Skip to Content

How to Photograph the Earth

Photos from near space for less than $150.
December 21, 2009

Every astronaut talks about the awe of seeing the blue glow of Earth from orbit. Oliver Yeh and Justin Lee, both MIT students, wanted to see Earth from above, too. They built a contraption that was able to fly to the upper reaches of the atmosphere and take photographs from high enough up to show the planet’s curvature and the blackness of space beyond. Though many devices have been built that could achieve this feat, their setup was uniquely inexpensive:
it cost less than $150.

A. Balloon

A weather balloon, which cost about $20, propelled the photo equipment to approximately 93,000 feet over about four hours. As planned, the thinning atmosphere then caused the balloon to pop, and the equipment descended in about 40 minutes with the aid of a parachute. To predict where it was likely to land, Yeh and Lee used a website maintained by the Department of Atmospheric Science at the University of Wyoming that assesses wind direction and strength. (They suggest that those who want to undertake similar projects inform the U.S. Federal Aviation Administration and check federal and local regulations first: strict laws govern the use of airspace above certain heights.)

B. Parachute

Yeh and Lee tested parachutes by attaching them to a styrofoam cooler filled with eggs and dropping it off the roof of a five-story building. Eventually, they found a design that allowed the eggs to land intact. They found that they could use a variety of materials to make the parachute–even a trash bag.

C. Styrofoam Beer Cooler

To keep the equipment from failing in the chill of the upper atmosphere, Yeh and Lee packed it in a protective cooler. For additional warmth, they insulated the camera and phone with newspaper and put chemical hand warmers next to each device. They carved a hole in the cooler for the camera’s lens.

D. Camera

Yeh and Lee modified an off-the-shelf Canon A470 camera by installing open-source software that instructed the device to snap a photo every five seconds. The images, covering almost five hours in flight, were stored on an eight-gigabyte memory card.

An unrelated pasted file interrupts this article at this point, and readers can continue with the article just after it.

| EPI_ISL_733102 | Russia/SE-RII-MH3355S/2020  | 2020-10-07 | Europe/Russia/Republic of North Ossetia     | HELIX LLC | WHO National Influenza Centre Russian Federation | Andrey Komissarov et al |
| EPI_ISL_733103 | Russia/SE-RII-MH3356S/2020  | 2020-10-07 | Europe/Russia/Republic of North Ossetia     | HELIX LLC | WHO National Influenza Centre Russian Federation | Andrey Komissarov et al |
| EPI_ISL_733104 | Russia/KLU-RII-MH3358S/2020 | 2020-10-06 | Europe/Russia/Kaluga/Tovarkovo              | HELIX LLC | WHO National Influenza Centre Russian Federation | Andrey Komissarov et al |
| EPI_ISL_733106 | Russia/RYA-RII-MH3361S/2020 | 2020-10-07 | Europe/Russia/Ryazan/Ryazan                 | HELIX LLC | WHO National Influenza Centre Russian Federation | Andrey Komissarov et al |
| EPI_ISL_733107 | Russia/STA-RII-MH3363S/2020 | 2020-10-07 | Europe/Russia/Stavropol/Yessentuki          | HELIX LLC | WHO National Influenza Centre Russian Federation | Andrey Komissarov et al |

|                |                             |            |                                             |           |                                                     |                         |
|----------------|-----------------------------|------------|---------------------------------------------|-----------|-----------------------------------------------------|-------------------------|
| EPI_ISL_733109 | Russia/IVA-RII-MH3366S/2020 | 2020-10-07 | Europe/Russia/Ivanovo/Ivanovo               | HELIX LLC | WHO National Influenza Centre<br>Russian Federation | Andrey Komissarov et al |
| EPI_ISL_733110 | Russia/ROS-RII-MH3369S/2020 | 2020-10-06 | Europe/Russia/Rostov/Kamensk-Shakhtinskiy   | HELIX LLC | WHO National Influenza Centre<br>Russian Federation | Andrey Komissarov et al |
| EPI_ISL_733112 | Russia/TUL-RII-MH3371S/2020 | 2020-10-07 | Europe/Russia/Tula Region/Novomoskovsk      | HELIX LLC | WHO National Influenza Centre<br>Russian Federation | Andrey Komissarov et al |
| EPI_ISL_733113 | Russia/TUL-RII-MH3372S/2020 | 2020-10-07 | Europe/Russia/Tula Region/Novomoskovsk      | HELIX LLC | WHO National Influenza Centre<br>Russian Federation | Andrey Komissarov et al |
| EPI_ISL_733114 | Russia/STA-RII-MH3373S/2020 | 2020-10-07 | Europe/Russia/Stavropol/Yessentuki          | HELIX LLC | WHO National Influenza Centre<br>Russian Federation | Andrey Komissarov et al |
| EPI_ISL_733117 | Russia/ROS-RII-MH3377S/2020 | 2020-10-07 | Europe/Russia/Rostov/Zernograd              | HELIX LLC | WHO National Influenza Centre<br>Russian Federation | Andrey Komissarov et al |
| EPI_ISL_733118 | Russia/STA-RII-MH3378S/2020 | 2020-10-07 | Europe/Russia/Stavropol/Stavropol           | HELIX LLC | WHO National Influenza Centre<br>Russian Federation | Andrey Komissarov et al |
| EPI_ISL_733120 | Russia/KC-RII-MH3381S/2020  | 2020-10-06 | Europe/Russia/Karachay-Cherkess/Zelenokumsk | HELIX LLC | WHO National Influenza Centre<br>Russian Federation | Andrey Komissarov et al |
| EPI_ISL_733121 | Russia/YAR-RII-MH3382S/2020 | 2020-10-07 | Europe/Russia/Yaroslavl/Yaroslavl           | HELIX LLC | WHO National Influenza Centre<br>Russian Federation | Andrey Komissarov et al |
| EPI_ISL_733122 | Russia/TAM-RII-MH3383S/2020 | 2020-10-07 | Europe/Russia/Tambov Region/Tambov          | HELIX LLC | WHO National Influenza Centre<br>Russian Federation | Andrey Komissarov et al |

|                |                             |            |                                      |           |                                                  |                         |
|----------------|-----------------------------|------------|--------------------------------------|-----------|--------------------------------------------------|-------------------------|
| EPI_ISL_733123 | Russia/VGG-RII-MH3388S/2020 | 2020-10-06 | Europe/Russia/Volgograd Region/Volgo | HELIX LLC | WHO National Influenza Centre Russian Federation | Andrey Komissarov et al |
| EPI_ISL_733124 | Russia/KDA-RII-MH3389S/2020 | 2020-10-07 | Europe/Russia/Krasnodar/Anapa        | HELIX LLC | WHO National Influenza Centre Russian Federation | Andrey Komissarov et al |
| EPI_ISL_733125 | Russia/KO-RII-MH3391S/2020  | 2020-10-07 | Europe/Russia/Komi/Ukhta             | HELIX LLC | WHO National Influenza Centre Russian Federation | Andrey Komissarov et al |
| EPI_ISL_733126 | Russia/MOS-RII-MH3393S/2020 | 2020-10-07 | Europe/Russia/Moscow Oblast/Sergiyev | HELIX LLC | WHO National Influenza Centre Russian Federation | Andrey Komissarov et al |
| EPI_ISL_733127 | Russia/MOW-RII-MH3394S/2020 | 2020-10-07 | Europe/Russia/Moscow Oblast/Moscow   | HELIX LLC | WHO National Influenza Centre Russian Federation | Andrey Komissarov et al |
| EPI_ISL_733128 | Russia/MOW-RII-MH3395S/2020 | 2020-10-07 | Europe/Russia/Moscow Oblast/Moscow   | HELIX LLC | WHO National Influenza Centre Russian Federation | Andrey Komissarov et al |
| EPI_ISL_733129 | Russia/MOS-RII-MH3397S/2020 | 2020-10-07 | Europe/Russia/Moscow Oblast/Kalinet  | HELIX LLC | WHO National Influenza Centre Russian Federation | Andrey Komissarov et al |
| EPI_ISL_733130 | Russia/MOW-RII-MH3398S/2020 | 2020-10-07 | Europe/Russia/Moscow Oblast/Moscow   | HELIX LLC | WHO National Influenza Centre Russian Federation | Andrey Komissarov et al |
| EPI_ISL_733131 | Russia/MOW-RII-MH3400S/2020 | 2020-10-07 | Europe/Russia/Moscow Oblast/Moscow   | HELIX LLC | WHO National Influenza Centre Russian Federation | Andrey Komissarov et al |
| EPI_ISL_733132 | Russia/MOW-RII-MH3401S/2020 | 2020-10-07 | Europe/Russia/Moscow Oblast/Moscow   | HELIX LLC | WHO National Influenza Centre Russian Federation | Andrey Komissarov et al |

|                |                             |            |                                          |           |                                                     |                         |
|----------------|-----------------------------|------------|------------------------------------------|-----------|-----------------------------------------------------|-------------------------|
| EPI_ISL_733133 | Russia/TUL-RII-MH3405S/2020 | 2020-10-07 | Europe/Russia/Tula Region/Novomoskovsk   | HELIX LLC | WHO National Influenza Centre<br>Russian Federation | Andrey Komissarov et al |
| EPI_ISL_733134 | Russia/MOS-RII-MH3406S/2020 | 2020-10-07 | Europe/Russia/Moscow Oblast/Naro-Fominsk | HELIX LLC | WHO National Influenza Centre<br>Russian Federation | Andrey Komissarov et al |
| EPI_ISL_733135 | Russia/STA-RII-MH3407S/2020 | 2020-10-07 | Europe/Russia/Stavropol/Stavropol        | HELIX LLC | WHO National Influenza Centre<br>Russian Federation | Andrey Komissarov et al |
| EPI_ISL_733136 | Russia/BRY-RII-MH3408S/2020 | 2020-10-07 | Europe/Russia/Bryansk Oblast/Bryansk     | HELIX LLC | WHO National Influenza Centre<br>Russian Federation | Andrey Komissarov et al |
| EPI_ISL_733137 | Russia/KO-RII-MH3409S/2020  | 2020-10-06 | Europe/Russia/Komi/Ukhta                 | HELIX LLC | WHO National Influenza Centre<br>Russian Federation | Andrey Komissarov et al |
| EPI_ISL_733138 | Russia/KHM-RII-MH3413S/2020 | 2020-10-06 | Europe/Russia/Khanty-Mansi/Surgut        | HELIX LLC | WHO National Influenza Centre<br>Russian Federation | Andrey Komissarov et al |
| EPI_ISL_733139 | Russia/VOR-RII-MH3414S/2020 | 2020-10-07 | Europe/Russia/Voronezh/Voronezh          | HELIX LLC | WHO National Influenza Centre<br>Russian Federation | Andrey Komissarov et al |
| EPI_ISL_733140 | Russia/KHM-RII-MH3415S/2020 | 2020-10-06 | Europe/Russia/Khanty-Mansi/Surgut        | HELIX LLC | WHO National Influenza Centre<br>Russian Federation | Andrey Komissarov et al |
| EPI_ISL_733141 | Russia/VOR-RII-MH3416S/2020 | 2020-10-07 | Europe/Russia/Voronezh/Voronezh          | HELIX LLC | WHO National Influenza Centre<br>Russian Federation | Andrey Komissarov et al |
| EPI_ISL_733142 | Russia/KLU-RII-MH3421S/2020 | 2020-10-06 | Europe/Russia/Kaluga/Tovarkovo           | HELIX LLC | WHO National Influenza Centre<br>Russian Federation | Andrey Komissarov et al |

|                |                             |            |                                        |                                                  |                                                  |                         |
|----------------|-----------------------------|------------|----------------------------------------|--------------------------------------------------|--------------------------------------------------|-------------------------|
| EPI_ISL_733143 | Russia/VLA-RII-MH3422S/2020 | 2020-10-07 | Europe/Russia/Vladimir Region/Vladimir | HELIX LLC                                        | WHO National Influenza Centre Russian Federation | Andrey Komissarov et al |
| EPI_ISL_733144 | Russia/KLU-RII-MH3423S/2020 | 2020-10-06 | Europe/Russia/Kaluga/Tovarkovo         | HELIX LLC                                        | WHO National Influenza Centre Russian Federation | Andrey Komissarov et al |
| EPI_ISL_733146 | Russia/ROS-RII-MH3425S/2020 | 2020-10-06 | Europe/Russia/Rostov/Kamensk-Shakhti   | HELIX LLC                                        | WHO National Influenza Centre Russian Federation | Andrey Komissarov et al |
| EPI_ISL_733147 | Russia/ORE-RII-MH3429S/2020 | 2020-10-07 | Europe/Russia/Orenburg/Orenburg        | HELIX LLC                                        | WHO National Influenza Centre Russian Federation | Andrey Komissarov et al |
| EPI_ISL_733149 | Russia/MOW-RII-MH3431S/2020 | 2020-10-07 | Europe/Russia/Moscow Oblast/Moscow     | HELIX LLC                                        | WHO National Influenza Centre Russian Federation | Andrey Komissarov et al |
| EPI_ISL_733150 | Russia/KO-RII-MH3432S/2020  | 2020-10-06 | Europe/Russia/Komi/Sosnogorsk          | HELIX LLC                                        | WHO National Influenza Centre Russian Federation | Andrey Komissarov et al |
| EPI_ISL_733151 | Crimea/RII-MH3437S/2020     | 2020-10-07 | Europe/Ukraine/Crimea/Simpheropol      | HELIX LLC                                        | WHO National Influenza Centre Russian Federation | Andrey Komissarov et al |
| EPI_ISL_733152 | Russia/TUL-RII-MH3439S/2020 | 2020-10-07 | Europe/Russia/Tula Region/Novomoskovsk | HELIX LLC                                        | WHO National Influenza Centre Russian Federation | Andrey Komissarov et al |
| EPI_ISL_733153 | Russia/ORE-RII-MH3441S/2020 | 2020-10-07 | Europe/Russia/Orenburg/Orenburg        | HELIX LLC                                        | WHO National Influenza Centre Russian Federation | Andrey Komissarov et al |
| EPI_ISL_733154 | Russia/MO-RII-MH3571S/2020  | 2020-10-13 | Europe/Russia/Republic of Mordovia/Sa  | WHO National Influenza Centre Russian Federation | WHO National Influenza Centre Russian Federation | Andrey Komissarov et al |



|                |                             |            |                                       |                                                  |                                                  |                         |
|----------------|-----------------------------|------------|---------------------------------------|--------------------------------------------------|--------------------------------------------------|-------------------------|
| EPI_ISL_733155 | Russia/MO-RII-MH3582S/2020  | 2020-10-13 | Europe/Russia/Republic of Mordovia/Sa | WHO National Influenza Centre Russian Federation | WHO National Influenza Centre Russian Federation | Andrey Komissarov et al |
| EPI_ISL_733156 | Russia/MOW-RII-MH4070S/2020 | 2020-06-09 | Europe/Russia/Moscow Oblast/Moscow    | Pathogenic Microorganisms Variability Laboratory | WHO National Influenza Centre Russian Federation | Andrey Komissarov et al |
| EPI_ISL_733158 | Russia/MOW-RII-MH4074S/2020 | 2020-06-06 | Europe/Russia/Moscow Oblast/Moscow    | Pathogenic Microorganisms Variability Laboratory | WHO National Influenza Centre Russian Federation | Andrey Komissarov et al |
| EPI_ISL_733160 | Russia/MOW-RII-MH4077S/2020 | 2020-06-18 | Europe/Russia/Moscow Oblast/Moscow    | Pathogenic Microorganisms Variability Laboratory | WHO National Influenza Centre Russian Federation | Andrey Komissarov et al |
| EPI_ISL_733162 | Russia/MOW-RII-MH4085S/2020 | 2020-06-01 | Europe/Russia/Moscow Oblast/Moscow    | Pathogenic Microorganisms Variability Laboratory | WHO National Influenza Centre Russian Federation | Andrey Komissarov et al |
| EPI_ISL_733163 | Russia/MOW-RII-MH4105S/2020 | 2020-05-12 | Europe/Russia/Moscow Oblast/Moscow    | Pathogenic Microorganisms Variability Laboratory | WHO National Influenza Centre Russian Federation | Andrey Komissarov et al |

E. Prepaid Cell Phone

A low-cost GPS tracking service turned a Motorola i290 prepaid cell phone into a GPS transmitter. Besides allowing Yeh and Lee to track the flight path, the information broadcast by the cell phone was key to retrieving their equipment and collecting the pictures stored on the camera.

F. Batteries

Lithium batteries designed to function down to -40 °C powered both the camera and the cell phone. The phone was also plugged into a battery-powered charger as backup during the flight.

Keep Reading

Most Popular

surgery
surgery

A gene-edited pig’s heart has been transplanted into a human for the first time

The procedure is a one-off, and highly experimental, but the technique could help reduce transplant waiting lists in the future.

conceptual illustration showing various women's faces being scanned
conceptual illustration showing various women's faces being scanned

A horrifying new AI app swaps women into porn videos with a click

Deepfake researchers have long feared the day this would arrive.

2021 tech fails concept
2021 tech fails concept

The worst technology of 2021

Face filters, billionaires in space, and home-buying algorithms that overpay all made our annual list of technology gone wrong.

Woman using Virtual Reality headset at night
Woman using Virtual Reality headset at night

The metaverse has a groping problem already

A woman was sexually harassed on Meta’s VR social media platform. She’s not the first—and won’t be the last.

Stay connected

Illustration by Rose WongIllustration by Rose Wong

Get the latest updates from
MIT Technology Review

Discover special offers, top stories, upcoming events, and more.

Thank you for submitting your email!

Explore more newsletters

It looks like something went wrong.

We’re having trouble saving your preferences. Try refreshing this page and updating them one more time. If you continue to get this message, reach out to us at customer-service@technologyreview.com with a list of newsletters you’d like to receive.